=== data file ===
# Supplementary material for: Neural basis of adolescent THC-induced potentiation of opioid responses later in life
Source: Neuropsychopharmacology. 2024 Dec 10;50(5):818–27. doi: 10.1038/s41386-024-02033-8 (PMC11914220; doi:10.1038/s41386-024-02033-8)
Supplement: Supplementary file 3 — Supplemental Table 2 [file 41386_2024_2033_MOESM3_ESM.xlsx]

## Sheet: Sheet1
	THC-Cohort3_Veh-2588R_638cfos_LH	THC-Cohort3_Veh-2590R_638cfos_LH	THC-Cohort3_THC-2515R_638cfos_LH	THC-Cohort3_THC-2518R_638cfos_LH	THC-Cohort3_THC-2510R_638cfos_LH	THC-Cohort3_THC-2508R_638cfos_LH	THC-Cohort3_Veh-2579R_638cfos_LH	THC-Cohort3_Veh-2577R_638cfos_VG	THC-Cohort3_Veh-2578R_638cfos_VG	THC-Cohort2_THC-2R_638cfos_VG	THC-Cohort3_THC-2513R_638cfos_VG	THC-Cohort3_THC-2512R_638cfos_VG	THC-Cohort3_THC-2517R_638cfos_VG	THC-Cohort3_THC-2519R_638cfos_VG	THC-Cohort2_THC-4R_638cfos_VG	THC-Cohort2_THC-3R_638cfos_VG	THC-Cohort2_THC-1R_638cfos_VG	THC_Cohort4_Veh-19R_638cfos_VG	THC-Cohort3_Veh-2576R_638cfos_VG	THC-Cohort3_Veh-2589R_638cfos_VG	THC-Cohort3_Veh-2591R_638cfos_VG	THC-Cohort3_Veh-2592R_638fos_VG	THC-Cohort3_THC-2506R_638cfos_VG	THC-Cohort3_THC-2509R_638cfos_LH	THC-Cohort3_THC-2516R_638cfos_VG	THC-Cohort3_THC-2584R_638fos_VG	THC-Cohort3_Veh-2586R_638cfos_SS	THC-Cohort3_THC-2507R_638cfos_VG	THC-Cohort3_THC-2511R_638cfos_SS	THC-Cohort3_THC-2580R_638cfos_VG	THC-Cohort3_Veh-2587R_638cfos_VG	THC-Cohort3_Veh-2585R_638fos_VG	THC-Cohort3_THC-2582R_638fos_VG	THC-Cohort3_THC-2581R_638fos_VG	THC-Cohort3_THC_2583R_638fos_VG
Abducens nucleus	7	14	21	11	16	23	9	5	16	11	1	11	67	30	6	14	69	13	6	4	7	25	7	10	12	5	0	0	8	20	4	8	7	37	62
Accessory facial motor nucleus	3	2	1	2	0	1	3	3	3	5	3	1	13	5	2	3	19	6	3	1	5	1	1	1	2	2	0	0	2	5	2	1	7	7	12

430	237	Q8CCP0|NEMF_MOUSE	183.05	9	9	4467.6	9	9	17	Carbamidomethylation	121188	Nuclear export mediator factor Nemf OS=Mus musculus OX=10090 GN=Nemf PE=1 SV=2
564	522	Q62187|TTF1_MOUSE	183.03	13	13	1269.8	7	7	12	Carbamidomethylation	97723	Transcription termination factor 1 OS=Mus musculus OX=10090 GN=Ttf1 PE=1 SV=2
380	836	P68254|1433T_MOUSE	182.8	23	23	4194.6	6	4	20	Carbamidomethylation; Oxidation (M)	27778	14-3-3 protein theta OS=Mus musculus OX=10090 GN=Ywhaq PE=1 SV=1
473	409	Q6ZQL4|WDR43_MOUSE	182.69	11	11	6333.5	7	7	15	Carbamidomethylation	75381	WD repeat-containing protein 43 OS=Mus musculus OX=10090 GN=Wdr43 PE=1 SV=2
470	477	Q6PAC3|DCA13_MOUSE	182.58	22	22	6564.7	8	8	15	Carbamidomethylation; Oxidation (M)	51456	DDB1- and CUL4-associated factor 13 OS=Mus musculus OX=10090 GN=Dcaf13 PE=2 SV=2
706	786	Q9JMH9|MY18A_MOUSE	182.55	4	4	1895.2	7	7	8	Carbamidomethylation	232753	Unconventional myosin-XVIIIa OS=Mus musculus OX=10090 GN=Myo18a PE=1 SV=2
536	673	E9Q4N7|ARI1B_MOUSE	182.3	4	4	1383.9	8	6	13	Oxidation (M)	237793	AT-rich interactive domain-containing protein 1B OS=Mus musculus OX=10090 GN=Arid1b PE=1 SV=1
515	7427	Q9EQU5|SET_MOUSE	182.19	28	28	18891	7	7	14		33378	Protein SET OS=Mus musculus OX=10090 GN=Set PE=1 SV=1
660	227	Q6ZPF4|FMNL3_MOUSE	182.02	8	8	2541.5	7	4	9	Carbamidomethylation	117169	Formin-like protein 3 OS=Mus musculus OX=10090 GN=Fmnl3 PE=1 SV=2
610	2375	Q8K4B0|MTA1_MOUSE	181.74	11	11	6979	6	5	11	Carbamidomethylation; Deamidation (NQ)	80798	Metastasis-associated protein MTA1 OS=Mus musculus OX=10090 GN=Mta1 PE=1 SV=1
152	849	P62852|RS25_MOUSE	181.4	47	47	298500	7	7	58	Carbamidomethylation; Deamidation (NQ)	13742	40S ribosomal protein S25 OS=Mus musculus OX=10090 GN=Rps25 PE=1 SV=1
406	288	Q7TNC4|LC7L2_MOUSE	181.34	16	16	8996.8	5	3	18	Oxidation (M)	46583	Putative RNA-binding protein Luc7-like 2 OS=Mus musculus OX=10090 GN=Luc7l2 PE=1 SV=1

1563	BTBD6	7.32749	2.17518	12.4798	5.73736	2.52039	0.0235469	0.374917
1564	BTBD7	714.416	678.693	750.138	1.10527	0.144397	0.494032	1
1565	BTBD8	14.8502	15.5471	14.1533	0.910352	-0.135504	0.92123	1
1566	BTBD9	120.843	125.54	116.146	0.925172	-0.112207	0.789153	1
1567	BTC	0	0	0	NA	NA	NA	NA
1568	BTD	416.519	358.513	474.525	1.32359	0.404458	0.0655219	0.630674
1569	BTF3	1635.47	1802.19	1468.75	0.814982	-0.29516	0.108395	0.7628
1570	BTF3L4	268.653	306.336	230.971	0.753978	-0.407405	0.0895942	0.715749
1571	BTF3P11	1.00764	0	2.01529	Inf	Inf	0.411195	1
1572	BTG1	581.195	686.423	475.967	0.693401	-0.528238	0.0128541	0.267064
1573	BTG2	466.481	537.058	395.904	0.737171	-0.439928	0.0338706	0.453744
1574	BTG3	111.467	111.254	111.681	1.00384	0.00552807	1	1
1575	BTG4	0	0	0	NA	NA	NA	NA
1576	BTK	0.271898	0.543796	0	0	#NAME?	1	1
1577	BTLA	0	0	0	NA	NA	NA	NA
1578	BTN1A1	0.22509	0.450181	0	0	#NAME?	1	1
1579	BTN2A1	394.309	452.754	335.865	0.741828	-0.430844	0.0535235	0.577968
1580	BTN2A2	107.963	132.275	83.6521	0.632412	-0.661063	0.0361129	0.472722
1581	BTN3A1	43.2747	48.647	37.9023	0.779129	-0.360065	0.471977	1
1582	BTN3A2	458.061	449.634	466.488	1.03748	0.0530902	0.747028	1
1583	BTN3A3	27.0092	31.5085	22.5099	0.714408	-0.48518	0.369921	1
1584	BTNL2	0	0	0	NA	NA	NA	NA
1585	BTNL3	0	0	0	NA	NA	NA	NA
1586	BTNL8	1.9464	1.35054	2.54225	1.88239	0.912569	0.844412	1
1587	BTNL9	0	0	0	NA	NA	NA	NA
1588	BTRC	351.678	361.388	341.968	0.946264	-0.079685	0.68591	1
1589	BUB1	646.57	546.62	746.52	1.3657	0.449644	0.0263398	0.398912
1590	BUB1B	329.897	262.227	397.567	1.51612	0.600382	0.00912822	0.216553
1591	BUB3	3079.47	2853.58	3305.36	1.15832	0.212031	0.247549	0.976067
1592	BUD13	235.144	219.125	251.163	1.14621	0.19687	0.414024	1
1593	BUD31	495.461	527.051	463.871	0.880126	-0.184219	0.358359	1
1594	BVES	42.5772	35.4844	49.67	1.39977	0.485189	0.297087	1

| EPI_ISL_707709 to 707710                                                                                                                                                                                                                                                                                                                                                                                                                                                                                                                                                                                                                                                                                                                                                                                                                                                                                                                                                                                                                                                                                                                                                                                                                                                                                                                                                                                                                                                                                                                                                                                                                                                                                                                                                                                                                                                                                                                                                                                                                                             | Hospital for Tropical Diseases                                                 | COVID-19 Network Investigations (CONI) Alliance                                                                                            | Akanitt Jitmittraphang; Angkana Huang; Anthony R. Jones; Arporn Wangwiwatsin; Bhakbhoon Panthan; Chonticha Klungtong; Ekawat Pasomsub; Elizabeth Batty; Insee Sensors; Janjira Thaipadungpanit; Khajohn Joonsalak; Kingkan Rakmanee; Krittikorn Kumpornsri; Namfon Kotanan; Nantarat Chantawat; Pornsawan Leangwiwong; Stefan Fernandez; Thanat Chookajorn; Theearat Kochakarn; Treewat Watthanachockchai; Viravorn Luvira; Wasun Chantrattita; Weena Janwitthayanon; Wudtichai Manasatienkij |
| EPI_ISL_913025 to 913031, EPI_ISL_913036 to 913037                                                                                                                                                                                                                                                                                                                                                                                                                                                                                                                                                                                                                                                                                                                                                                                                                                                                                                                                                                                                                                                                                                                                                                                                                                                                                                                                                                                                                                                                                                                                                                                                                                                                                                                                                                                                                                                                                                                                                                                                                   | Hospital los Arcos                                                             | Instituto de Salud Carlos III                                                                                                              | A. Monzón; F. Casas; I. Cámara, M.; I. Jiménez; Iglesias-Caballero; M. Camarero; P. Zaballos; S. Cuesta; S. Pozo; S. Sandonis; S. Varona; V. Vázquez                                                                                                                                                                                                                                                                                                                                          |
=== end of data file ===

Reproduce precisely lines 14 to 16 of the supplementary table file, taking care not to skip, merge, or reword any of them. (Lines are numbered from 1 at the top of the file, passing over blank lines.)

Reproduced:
536	673	E9Q4N7|ARI1B_MOUSE	182.3	4	4	1383.9	8	6	13	Oxidation (M)	237793	AT-rich interactive domain-containing protein 1B OS=Mus musculus OX=10090 GN=Arid1b PE=1 SV=1
515	7427	Q9EQU5|SET_MOUSE	182.19	28	28	18891	7	7	14		33378	Protein SET OS=Mus musculus OX=10090 GN=Set PE=1 SV=1
660	227	Q6ZPF4|FMNL3_MOUSE	182.02	8	8	2541.5	7	4	9	Carbamidomethylation	117169	Formin-like protein 3 OS=Mus musculus OX=10090 GN=Fmnl3 PE=1 SV=2